Actually, if you read Amazon’s latest pricing agreement, it requires that authors and publishers agree to “ridiculous” price-elevating restrictions that Amazon imposes on any sales they make elsewhere. Ebooks can’t be sold elsewhere for cheaper than the Amazon ebook price, even on an author or publisher’s own website, or if another site takes a smaller share of the retail price. And printed copies must be sold for at least a set amount higher than the the Amazon ebook price. Chris Meadows is right. Neither Amazon nor Macmillan is run as a charity. Both are living in a topsy-turvy world and both want to end up on top.

    Personally, I’m astonished by the selfishness shown by some posters. Let publishers set any price they want. We don’t have to buy their books. It is rather pitiful when some people seem to think that they should get everything they want at the price they want to pay. They sound like little children throwing tantrums to get candy.

    Finally, much of what Macmillan’s CEO said is good. Releasing ebooks on the same day as hardbacks will be great for those with ebook readers. That simply isn’t going to happen if the publisher isn’t making as much money on an ebook sale. Macmillian’s CEO is also hinting that, as sales drop off, prices will drop. Rather than see prices stuck at Amazon’s rigid $9.95 (a pitiful imitation of Apple’s 99-cent music), we might see last year’s bestsellers going for $4.95. We might even have what we see with iPhone apps–brief times when a book is free to stimulate sales. If you display a little patience, you might find you get a book cheaper in a free market than in one filled with shrill rhetoric.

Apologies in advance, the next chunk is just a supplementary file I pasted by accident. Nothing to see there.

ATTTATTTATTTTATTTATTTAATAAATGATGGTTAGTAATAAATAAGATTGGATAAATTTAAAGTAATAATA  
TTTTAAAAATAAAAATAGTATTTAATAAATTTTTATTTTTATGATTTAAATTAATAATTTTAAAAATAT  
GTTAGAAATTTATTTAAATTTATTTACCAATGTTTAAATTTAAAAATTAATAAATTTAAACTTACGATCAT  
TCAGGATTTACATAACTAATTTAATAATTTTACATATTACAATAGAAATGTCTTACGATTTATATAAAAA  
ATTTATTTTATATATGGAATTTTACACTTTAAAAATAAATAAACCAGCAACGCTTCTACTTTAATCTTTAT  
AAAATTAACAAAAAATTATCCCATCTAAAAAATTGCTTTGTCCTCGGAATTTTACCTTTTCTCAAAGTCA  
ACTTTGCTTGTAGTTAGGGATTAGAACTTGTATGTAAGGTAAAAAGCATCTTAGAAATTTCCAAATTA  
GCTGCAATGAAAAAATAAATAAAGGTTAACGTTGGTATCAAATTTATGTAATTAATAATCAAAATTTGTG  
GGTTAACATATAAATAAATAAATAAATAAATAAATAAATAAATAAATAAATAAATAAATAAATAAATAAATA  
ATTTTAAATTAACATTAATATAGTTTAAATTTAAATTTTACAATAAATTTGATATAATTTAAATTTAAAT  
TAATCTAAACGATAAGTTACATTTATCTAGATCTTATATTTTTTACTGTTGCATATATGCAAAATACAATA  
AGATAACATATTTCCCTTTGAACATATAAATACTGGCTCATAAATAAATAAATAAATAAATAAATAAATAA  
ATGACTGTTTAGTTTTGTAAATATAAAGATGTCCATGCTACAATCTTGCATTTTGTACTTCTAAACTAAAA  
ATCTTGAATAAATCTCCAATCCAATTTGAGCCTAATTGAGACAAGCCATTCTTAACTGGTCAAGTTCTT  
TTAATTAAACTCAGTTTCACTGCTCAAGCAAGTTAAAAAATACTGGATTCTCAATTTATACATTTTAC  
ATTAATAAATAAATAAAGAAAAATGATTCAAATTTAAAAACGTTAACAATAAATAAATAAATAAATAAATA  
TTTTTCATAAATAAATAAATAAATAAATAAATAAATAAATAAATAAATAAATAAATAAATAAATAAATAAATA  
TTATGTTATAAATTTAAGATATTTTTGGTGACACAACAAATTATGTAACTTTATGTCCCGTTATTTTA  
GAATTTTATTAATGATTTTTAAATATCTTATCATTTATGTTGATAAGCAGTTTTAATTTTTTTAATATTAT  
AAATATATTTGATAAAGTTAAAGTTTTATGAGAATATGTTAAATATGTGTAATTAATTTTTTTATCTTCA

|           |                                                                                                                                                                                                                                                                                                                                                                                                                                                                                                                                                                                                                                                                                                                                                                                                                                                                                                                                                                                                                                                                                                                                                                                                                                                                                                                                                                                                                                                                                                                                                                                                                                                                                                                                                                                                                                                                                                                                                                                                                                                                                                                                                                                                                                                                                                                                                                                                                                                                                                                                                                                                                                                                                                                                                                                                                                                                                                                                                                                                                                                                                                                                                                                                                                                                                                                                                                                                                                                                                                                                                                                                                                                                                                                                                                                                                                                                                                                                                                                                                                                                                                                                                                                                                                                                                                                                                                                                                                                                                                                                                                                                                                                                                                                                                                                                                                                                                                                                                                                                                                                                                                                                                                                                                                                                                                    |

For now, relax, grow up, and let matters develop a bit further.

  6. I believe that Amazon’s requirement is that the book not LIST for more on Amazon than it LISTS for elsewhere. Certainly there are times when, for example, Fictionwise chooses to put my books on sale at a price below Amazon’s price. But I offer the same list price to all distributors. I used to, briefly, set a lower list price on books sold directly through the website (because I disn’t have to pay the 50% distribution fee). Shortly thereafter, Fictionwise changed their requirements (I hate to think I was responsible).

    Anyway, if I were a distributor, I certainly wouldn’t want someone listing their book on my site for $20 and on another distributor for $10. On the other hand, I think distributors should be able to charge less than list price if they wish.

    The 70/30 split Macmillan mentions is certainly not the standard split I’ve seen (50/50 is more like it and self-publishers at Amazon have seen much worse). Making this seem like the ‘standard’ when it’s something Amazon recently announced and something Apple has promised but not yet implemented, seems a bit disengenious.

    Regarding Baen, they’re a special case…more like Harlequin than Macmillan. They produce books to a distinct audience (neo-libertarian right-wing sci-fi readers), many of whom are willing to subscribe to them because they know what they’re getting. (Just as Harlequin has historically offered subscriptions to their romance lines…readers know what they’re getting). A subscription model for a huge general purpose publisher makes less sense (although kudos to Baen and Harlequin for figuring out how to make this model work for them).

    Rob Preece